Using Provenance to Support Good Laboratory Practice in Grid Environments

Part of the Studies in Computational Intelligence book series (SCI, volume 426)

Abstract

Conducting experiments and documenting results is daily business of scientists. Good and traceable documentation enables other scientists to confirm procedures and results for increased credibility. Documentation and scientific conduct are regulated and termed as “good laboratory practice.” Laboratory notebooks are used to record each step in conducting an experiment and processing data. Originally, these notebooks were paper based. Due to computerised research systems, acquired data became more elaborate, thus increasing the need for electronic notebooks with data storage, computational features and reliable electronic documentation. As a new approach to this, a scientific data management system (DataFinder) is enhanced with features for traceable documentation. Provenance recording is used to meet requirements of traceability, and this information can later be queried for further analysis. DataFinder has further important features for scientific documentation: It employs a heterogeneous and distributed data storage concept. This enables access to different types of data storage systems (e. g. Grid data infrastructure, file servers). In this chapter we describe a number of building blocks that are available or close to finished development. These components are intended for assembling an electronic laboratory notebook for use in Grid environments, while retaining maximal flexibility on usage scenarios as well as maximal compatibility overlap towards each other. Through the usage of such a system, provenance can successfully be used to trace the scientific workflow of preparation, execution, evaluation, interpretation and archiving of research data. The reliability of research results increases and the research process remains transparent to remote research partners.

Keywords

Data Item Data Management System Grid Environment Storage Server Good Laboratory Practice 
These keywords were added by machine and not by the authors. This process is experimental and the keywords may be updated as the learning algorithm improves.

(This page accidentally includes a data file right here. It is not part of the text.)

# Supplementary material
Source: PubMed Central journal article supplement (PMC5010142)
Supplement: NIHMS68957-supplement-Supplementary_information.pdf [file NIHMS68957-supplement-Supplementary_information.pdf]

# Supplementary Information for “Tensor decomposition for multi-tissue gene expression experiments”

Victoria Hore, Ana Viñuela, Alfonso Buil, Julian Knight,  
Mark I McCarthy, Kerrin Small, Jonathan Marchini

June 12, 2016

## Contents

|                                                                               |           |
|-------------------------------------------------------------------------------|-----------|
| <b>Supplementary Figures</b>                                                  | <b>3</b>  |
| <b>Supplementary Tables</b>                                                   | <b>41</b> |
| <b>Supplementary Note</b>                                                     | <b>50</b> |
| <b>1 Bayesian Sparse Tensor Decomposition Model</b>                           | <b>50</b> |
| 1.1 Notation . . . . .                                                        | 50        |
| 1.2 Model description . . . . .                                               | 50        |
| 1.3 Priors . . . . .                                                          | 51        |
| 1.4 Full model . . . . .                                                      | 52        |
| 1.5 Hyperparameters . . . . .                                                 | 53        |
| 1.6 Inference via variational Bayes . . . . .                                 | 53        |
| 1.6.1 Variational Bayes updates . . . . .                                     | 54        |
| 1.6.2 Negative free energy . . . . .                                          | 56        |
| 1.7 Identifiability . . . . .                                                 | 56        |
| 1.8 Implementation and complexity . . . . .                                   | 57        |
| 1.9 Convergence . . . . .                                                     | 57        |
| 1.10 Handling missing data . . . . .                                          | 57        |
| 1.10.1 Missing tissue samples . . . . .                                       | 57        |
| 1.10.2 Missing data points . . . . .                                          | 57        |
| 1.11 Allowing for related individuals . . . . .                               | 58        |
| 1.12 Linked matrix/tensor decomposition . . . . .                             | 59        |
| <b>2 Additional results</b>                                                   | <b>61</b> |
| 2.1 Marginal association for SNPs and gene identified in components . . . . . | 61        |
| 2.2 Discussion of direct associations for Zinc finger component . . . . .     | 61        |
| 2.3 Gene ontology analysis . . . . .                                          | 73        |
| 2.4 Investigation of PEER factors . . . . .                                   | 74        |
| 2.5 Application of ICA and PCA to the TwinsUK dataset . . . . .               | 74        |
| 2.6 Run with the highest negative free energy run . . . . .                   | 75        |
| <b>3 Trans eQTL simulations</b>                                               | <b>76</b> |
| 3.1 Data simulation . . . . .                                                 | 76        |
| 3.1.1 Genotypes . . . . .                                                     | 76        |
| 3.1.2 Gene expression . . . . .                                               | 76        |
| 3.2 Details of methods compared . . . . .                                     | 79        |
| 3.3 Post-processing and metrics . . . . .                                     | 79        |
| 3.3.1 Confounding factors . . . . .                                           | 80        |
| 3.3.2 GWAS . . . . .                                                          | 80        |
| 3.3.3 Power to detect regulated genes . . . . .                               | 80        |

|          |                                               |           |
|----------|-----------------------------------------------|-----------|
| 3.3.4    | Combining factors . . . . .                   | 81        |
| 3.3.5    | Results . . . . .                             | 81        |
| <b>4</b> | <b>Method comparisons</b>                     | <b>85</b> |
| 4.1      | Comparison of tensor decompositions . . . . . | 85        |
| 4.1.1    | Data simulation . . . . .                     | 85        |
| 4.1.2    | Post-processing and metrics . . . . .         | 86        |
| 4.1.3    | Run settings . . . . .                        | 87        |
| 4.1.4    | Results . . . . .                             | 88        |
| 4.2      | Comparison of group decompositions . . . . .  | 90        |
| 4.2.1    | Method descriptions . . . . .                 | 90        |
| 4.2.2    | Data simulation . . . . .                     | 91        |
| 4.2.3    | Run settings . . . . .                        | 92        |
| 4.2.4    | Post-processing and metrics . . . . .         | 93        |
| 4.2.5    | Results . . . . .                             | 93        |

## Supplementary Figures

Preview

Unable to display preview. Download preview PDF.

Unable to display preview. Download preview PDF.

References

  1. 1.
    Gremlin graph traversal language Web Site, https://github.com/tinkerpop/gremlin/wiki
  2. 2.
    mbllab–Das elektronische Laborbuch, http://elektronisches-laborbuch.de/
  3. 3.
    Neo4j Graph Database Web Site, http://neo4j.org/
  4. 4.
    Note Book Maker for PC and Mac, The World Leader in Virtual NoteBooks, http://www.notebookmaker.com
  5. 5.
    Buneman, P., Khanna, S., Tan, W.C.: Why and Where: A Characterization of Data Provenance. Tech. rep., University of Pennsylvania (2001), http://repository.upenn.edu/cis_papers/210/
  6. 6.
    Groth, P., Miles, S., Tan, V., Moreau, L.: Architecture for Provenance Systems (2005), http://eprints.ecs.soton.ac.uk/11310/
  7. 7.
    Holland, D.A., Braun, U., Maclean, D., Muniswamy-Reddy, K.K., Seltzer, M.I.: Choosing a Data Model and Query Language for Provenance. In: Proceedings of the 4th International Provenance and Annotation Workshop, IPAW (2008), doi:10.1.1.152.3820Google Scholar
  8. 8.
    Inter-Organization Programme for the Sound Management of Chemicals (IOMC): No 1: OECD Principles on Good Laboratory Practice (1998), http://www.oecd.org/document/63/0,2340,en_2649_34381_2346175_1_1_1_37465,00.html
  9. 9.
    Kloss, G.K.: MataNui Project, http://launchpad.net/matanui (last accessed June 2011)
  10. 10.
    Kloss, G.K.: MataNui – Building a Grid Data Infrastructure that “doesn’t suck!”. In: Proceedings of the 1st New Zealand eResearch Symposium, Auckland, New Zealand (2010)Google Scholar